27 Jan "Looked through my tweets. Deleted some. Was too much. Only excuses – home alone, dark, son and wife in hospital, frustrated."

28 Jan Albion reject a second, improved offer from QPR. "It's a bit of a difficult situation for West Brom. It's not worked out in an ideal way. The whole situation has become a bit too public really, hasn't it? Too many people get involved in Twitter." Harry Redknapp

31 Jan "Things are getting worse or funnier. Some say any press is good. Never seen anyone who will want this kind off press hahaha it's not funny!" Odemwingie tweet

"I hope they will be happy with what they get and, of course, they want to get in players themselves. I just hope that everything will be sorted out in the next few hours."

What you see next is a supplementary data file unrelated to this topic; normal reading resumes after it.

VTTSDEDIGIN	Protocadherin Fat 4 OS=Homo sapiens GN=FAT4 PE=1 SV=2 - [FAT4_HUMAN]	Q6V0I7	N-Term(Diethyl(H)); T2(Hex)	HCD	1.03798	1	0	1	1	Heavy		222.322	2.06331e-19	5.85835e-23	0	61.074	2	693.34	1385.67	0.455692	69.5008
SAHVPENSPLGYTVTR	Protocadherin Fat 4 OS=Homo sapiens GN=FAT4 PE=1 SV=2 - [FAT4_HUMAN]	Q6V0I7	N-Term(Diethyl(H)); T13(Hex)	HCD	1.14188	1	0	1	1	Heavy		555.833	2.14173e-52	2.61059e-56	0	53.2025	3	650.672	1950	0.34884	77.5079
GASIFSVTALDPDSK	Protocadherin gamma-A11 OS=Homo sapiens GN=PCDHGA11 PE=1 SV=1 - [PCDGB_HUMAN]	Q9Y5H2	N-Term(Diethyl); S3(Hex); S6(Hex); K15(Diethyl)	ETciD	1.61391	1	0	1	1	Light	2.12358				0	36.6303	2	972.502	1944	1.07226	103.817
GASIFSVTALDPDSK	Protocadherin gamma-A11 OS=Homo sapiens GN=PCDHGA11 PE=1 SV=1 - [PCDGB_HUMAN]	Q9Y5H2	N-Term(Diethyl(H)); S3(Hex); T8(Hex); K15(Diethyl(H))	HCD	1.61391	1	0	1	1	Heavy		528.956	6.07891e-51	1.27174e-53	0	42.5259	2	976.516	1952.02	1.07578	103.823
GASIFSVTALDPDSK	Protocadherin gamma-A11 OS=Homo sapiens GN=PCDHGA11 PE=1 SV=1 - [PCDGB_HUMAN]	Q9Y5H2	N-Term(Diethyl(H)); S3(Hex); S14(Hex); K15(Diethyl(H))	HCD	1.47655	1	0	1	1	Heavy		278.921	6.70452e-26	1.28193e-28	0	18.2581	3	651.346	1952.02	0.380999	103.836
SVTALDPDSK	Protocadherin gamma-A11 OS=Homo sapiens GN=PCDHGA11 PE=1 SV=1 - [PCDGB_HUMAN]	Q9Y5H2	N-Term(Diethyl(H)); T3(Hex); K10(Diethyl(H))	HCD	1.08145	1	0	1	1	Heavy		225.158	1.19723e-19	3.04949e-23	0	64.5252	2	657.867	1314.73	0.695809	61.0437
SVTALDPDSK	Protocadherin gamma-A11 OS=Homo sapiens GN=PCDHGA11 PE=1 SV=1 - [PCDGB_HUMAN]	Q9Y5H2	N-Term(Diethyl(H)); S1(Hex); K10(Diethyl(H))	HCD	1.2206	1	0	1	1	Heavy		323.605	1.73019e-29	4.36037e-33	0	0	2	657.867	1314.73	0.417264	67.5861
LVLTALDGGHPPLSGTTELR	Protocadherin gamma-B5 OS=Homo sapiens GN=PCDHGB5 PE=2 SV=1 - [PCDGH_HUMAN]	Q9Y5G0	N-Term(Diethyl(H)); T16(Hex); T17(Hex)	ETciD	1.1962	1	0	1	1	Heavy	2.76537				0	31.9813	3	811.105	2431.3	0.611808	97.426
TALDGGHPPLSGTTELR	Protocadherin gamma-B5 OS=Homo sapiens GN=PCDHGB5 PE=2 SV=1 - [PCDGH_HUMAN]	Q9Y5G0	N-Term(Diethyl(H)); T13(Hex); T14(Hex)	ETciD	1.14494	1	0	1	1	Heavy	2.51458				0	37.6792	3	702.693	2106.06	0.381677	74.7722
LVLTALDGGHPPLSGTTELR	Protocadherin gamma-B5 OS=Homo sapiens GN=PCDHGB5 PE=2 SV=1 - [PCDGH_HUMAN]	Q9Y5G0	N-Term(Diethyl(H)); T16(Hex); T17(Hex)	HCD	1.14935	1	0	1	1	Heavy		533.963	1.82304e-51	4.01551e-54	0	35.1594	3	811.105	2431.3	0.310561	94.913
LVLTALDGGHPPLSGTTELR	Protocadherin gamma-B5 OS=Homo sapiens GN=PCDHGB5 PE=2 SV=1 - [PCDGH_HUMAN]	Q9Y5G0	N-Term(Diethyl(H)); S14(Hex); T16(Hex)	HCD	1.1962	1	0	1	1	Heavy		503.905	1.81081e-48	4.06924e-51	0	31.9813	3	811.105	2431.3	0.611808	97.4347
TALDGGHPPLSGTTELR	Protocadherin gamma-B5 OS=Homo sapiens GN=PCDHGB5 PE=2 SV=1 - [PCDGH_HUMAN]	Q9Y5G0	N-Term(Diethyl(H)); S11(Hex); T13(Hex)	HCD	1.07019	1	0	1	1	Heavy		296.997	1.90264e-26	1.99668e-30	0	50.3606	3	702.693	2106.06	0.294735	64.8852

Odemwingie to Sky Sports News after driving to QPR's ground

"Peter has acted wholly unprofessionally. He must now accept the fact that he remains under contract for a further 18 months. In the end the matter became a point of principle as much as anything."

Albion chairman Jeremy Peace

1 Feb "I understand the club to be honest, it was a bit unprofessional but we all know our positions and we were almost there. I understand I have to honour any contract but the club know I have wanted to leave for some time now."

Odemwingie

"The whole thing was a bit of a mess. I felt genuinely sorry for him. I think there was a mistake. He has to go back to West Brom and get on with his life."

Redknapp

"It was total lunacy." Clarke

Have you tried new the Independent Digital Edition apps?
Caption competition
Caption competition
  • Get to the point
Latest stories from i100